As a child of the eighties, it’s no surprise that I’m a fan of giant robots. Between the decade’s general technophilia and its obsession with all things Japanese, robots made up a fair portion of its zeitgeist (or at least it did for boys of a certain age).
The first ones that came to my attention were the AT-ATs from The Empire Strikes Back. Technically not robots, but very big and very stompy nonetheless. In toy form, they also showed the way toys would go for the rest of the decade – mechanistic and needing lots of batteries.
The next big toy was something that I got fairly obsessive about – Transformers.
The appeal was partly the sheer cleverness of how a decent replica of a car or a plane could be designed so that is could turn into a robot, but there was also the childish joy in that it was a giant stompy robot.
My brother and I had a lot of Transformers. Some just turned into cars. Some turned into dinosaurs (combining two childhood obsessions in one, but paying little attention to the “Robots in Disguise” motif).
And there were variations on the theme. The team of robots who combined to form a really big robot was impressive. But when there were robots with heads that turned into smaller robots, it had perhaps all gotten a bit silly.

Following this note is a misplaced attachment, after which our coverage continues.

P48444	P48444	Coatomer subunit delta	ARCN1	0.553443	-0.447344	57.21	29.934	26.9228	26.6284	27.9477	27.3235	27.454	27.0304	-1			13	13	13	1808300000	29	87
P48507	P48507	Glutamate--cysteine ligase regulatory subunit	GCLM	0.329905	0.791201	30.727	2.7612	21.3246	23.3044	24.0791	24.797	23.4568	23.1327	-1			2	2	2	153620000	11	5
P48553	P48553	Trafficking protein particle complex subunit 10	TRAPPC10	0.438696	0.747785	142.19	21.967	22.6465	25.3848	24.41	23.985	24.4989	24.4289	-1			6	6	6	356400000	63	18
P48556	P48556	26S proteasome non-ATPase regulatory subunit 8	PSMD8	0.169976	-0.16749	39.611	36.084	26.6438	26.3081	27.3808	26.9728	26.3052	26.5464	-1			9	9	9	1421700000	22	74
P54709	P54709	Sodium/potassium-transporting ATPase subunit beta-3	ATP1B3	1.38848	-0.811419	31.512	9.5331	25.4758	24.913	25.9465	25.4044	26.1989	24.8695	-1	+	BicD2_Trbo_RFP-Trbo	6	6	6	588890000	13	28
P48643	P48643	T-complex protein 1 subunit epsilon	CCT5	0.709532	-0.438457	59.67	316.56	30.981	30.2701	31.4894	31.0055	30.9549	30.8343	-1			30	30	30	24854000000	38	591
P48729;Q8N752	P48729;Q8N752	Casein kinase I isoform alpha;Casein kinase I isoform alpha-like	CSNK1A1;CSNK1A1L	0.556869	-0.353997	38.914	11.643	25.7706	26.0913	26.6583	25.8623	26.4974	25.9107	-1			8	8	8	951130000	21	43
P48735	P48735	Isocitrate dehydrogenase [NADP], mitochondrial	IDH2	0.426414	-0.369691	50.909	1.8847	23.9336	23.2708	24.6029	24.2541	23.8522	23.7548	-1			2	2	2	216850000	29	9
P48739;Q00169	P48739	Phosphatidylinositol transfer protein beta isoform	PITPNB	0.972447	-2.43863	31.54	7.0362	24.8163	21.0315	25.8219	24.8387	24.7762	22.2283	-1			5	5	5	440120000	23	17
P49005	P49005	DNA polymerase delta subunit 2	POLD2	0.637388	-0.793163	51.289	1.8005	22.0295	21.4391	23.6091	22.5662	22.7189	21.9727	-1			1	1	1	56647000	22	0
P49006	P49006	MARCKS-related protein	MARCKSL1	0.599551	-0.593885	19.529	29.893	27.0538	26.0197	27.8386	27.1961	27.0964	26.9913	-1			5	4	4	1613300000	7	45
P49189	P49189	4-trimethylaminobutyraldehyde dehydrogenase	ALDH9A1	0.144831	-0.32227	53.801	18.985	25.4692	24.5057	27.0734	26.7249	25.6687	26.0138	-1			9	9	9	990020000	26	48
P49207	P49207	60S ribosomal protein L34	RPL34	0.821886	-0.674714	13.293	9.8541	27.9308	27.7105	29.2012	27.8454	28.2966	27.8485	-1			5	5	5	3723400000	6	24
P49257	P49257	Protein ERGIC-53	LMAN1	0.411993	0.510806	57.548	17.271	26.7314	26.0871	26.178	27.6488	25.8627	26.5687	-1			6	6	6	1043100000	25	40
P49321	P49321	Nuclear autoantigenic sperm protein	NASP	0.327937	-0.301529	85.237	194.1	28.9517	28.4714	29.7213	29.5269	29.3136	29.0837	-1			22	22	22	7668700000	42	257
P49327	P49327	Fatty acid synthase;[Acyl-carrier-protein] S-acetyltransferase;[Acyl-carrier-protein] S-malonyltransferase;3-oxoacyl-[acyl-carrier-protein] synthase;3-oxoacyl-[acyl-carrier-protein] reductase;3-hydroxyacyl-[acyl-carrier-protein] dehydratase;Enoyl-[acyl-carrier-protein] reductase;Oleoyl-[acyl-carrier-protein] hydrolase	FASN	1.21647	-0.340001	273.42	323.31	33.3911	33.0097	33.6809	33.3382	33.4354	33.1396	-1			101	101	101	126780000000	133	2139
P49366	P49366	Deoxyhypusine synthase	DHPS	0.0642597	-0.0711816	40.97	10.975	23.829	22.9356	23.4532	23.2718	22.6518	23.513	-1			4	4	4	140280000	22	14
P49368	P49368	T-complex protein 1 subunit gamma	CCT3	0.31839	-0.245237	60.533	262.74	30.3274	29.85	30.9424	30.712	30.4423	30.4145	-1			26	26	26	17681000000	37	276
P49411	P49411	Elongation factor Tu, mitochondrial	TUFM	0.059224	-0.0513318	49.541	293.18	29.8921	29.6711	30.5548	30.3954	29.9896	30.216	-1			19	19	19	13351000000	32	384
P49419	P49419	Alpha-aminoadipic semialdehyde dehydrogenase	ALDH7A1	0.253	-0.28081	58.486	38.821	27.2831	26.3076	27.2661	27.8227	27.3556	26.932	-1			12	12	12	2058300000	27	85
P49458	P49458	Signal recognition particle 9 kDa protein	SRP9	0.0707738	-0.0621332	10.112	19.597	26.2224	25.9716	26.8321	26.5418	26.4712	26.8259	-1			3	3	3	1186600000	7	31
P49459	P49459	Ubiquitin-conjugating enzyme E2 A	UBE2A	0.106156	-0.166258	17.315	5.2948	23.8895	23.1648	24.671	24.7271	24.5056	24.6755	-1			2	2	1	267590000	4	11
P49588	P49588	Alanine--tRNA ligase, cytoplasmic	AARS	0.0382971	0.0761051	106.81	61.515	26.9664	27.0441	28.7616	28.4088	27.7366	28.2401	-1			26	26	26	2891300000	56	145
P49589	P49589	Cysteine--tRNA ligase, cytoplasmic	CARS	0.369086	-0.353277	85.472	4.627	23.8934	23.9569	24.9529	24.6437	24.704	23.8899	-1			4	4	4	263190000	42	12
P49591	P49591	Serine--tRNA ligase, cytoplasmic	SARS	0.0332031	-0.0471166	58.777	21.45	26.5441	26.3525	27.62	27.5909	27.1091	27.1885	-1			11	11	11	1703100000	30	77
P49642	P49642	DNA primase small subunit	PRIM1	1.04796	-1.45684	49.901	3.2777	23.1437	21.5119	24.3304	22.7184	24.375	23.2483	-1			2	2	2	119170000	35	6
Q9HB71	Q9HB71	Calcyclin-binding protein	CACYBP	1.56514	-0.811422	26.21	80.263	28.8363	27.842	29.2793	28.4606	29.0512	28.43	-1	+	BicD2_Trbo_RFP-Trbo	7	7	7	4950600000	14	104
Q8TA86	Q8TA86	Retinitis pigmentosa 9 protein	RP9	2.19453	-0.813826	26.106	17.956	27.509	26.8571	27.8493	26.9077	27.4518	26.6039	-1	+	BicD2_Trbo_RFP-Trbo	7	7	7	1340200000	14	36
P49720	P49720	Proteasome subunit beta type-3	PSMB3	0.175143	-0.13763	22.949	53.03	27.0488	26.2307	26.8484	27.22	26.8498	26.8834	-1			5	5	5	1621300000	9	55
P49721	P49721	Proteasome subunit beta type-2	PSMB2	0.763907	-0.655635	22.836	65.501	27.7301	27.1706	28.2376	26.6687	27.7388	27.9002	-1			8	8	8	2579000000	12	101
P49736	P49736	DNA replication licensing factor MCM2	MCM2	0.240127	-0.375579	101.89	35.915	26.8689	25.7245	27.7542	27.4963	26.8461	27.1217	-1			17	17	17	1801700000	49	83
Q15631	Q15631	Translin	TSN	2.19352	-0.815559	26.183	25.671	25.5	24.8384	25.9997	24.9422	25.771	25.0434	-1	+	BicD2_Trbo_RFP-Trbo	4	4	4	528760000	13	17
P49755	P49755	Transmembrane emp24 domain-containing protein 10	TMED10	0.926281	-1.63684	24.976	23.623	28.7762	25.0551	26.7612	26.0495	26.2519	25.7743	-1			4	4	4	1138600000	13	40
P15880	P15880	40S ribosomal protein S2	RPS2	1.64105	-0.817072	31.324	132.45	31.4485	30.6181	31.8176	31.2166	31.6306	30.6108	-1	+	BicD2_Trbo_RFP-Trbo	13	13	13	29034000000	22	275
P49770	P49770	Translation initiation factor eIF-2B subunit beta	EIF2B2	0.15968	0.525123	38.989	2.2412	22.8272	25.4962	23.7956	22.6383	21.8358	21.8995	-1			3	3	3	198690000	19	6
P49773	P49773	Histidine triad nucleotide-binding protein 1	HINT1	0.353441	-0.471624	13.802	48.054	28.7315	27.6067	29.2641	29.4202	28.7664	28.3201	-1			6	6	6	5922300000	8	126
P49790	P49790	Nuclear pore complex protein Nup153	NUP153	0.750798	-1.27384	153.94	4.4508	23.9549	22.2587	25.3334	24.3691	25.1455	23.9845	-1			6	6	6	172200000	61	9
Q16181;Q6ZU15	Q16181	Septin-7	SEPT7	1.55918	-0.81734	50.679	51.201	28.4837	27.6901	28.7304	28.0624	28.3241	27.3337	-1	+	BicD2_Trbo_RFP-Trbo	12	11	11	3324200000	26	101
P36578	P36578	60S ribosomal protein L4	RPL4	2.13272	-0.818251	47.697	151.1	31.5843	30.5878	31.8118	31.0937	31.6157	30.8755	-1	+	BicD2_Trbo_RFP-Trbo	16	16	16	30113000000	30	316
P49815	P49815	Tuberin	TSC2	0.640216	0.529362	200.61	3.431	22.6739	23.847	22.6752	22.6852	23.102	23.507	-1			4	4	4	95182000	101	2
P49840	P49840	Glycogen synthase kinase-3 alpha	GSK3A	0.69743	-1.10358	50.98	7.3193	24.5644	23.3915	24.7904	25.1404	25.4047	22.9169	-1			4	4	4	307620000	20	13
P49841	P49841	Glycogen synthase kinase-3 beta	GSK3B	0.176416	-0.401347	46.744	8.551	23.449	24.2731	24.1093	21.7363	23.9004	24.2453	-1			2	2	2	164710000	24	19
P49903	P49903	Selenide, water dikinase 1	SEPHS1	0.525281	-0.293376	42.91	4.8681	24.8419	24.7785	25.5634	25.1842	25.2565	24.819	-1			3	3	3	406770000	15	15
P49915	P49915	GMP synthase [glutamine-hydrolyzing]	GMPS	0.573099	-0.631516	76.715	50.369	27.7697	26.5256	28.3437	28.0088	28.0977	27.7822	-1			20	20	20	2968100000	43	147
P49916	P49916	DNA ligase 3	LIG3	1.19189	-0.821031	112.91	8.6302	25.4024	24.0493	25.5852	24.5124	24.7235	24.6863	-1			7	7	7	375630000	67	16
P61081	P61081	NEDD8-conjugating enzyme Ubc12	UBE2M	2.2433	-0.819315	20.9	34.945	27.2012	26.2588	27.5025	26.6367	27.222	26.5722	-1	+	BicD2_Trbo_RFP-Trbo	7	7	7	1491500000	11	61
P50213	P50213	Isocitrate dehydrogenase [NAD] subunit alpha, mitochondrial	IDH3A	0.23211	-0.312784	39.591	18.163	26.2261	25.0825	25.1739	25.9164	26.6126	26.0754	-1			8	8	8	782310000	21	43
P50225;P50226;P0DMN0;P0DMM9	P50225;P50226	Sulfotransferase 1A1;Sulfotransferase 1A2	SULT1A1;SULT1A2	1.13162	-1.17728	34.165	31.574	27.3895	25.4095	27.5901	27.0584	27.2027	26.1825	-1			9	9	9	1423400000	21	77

The toys were only part of the story – there was a cartoon series and spin-off film. (The film featured Orson Welles, in his last role, as Unicron the planet eater.)
And (following on from my last post) there was a comic. I followed the Transformers comic avidly from about 1986 to 1989.
It was published by Marvel UK and was originally meant to be just a reprint of the US comic. But the UK staff started producing their own stories – stories that were surprisingly good for something that by all rights should have just been a glorified ad campaign.
The UK stories featured time travelling factions (from the far future of 2006!) and an elaborate plot that took years to come to fruition as a temporal rift threatened to consume all of reality. They’re fondly remembered by many and you can still buy reprints of them today.
Fast forward 20 years, and the Michael Bay Transformers film comes out, firmly aimed at my demographic. So I oblige and see it. I even enjoy it. But it’s not the same – the new Transformers are spiky and messy and don’t have the same appeal for me as their eighties predecessors.
And that’s why it’s the old Optimus Prime who’s signing off this post…